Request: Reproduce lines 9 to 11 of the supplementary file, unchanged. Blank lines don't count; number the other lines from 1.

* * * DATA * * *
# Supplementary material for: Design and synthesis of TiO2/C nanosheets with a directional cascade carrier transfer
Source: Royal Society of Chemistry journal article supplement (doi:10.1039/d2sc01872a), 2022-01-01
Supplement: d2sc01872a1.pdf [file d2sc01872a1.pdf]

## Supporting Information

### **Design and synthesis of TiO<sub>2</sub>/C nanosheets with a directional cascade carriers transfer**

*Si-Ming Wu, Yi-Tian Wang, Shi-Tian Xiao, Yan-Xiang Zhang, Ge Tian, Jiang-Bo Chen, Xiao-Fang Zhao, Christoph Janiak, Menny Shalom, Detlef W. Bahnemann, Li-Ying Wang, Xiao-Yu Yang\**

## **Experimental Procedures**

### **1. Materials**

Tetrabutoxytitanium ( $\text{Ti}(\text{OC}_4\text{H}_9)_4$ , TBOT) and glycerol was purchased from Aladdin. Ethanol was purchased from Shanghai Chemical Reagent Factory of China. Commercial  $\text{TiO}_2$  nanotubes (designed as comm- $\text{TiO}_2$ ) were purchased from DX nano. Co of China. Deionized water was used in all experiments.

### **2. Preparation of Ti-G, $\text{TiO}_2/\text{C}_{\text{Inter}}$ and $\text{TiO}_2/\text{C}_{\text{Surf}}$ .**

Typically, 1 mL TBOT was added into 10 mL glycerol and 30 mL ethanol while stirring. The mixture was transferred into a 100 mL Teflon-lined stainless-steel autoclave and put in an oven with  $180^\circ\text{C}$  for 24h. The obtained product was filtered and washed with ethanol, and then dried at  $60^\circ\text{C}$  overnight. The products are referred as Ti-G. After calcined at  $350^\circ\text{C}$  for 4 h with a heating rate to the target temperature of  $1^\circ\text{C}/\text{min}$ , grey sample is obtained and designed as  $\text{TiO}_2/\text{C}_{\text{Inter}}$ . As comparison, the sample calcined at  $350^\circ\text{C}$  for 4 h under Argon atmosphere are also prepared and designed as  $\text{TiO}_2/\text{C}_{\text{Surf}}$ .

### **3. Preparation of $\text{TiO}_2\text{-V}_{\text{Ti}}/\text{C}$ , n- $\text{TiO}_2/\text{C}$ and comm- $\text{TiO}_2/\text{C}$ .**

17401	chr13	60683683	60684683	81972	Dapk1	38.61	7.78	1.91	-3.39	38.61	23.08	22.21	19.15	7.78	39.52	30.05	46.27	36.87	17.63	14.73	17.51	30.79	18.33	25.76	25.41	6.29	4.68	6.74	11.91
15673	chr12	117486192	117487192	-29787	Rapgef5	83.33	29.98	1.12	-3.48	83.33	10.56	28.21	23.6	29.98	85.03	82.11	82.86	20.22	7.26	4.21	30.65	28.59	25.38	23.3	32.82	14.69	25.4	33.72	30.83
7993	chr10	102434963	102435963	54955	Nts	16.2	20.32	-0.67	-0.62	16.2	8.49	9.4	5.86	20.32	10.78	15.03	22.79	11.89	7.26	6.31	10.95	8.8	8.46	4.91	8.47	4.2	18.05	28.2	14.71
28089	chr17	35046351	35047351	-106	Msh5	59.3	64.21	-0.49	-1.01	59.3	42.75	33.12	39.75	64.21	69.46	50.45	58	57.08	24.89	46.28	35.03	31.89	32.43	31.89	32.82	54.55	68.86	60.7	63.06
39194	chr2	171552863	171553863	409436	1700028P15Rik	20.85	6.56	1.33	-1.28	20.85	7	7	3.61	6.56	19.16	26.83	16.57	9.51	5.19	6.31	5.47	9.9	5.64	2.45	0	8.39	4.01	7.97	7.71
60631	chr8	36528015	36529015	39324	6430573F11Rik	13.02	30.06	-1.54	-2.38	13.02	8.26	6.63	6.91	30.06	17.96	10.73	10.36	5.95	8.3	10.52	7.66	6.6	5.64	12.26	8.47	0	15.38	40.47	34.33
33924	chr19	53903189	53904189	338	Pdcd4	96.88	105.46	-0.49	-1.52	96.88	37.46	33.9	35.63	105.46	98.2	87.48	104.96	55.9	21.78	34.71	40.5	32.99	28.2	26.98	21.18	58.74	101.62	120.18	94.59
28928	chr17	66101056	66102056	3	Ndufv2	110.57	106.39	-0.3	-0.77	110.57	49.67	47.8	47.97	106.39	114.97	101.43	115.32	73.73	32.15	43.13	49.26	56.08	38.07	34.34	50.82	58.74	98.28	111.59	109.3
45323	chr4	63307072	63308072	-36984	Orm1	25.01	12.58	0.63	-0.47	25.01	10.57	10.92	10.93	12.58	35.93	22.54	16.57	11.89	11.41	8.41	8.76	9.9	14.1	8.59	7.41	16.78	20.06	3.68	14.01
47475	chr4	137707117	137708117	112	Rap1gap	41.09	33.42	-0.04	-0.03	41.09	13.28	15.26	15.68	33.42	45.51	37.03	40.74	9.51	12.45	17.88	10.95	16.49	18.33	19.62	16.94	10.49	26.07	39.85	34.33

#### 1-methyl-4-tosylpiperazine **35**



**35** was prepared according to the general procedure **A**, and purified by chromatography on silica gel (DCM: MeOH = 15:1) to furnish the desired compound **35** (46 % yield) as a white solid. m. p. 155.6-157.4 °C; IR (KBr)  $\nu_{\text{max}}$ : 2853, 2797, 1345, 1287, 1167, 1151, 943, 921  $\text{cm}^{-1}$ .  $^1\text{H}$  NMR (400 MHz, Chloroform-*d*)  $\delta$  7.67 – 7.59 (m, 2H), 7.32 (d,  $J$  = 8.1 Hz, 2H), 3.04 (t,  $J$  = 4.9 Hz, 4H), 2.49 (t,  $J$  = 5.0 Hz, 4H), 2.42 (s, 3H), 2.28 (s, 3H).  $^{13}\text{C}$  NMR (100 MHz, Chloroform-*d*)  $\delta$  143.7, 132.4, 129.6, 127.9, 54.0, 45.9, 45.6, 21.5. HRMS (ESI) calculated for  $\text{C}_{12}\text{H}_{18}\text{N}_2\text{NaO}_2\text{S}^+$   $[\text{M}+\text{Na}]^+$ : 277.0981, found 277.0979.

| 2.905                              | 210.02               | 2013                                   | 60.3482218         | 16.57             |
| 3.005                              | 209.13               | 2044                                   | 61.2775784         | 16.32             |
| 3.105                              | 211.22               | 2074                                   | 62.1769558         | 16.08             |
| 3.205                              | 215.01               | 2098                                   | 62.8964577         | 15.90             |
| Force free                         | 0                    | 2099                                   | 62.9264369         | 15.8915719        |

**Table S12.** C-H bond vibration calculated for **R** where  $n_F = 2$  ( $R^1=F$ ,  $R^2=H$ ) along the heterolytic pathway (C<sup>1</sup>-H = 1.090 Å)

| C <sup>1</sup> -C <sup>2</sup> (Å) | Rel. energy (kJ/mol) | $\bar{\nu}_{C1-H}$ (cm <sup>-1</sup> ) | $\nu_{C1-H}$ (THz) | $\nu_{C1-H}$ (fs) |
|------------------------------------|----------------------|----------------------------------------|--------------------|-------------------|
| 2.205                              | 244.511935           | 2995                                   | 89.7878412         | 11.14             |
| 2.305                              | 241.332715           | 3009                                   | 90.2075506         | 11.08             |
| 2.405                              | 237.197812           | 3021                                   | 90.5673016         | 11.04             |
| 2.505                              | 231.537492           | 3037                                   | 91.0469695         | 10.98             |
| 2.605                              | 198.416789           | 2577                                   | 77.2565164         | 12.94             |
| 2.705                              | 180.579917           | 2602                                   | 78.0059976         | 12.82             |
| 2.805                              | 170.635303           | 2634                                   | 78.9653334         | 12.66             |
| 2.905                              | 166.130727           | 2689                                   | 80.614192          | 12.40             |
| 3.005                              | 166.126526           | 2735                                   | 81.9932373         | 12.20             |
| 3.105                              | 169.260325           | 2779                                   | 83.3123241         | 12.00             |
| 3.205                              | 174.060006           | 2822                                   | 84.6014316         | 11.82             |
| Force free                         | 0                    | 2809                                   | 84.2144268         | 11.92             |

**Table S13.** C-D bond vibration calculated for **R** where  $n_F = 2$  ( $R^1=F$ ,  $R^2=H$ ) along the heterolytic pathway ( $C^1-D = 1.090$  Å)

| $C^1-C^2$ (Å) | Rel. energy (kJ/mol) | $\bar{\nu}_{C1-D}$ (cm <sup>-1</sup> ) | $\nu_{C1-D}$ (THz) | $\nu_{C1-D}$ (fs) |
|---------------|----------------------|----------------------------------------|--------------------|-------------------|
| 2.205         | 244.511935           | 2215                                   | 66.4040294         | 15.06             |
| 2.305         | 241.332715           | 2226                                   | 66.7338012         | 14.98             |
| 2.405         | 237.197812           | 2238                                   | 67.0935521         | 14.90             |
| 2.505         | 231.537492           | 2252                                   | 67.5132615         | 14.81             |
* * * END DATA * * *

Tetrabutoxytitanium ( $\text{Ti}(\text{OC}_4\text{H}_9)_4$ , TBOT) and glycerol was purchased from Aladdin. Ethanol was purchased from Shanghai Chemical Reagent Factory of China. Commercial  $\text{TiO}_2$  nanotubes (designed as comm- $\text{TiO}_2$ ) were purchased from DX nano. Co of China. Deionized water was used in all experiments.

### **2. Preparation of Ti-G, $\text{TiO}_2/\text{C}_{\text{Inter}}$ and $\text{TiO}_2/\text{C}_{\text{Surf}}$ .**

Typically, 1 mL TBOT was added into 10 mL glycerol and 30 mL ethanol while stirring. The mixture was transferred into a 100 mL Teflon-lined stainless-steel autoclave and put in an oven with  $180^\circ\text{C}$  for 24h. The obtained product was filtered and washed with ethanol, and then dried at  $60^\circ\text{C}$  overnight. The products are referred as Ti-G. After calcined at  $350^\circ\text{C}$  for 4 h with a heating rate to the target temperature of  $1^\circ\text{C}/\text{min}$ , grey sample is obtained and designed as  $\text{TiO}_2/\text{C}_{\text{Inter}}$ . As comparison, the sample calcined at  $350^\circ\text{C}$  for 4 h under Argon atmosphere are also prepared and designed as  $\text{TiO}_2/\text{C}_{\text{Surf}}$ .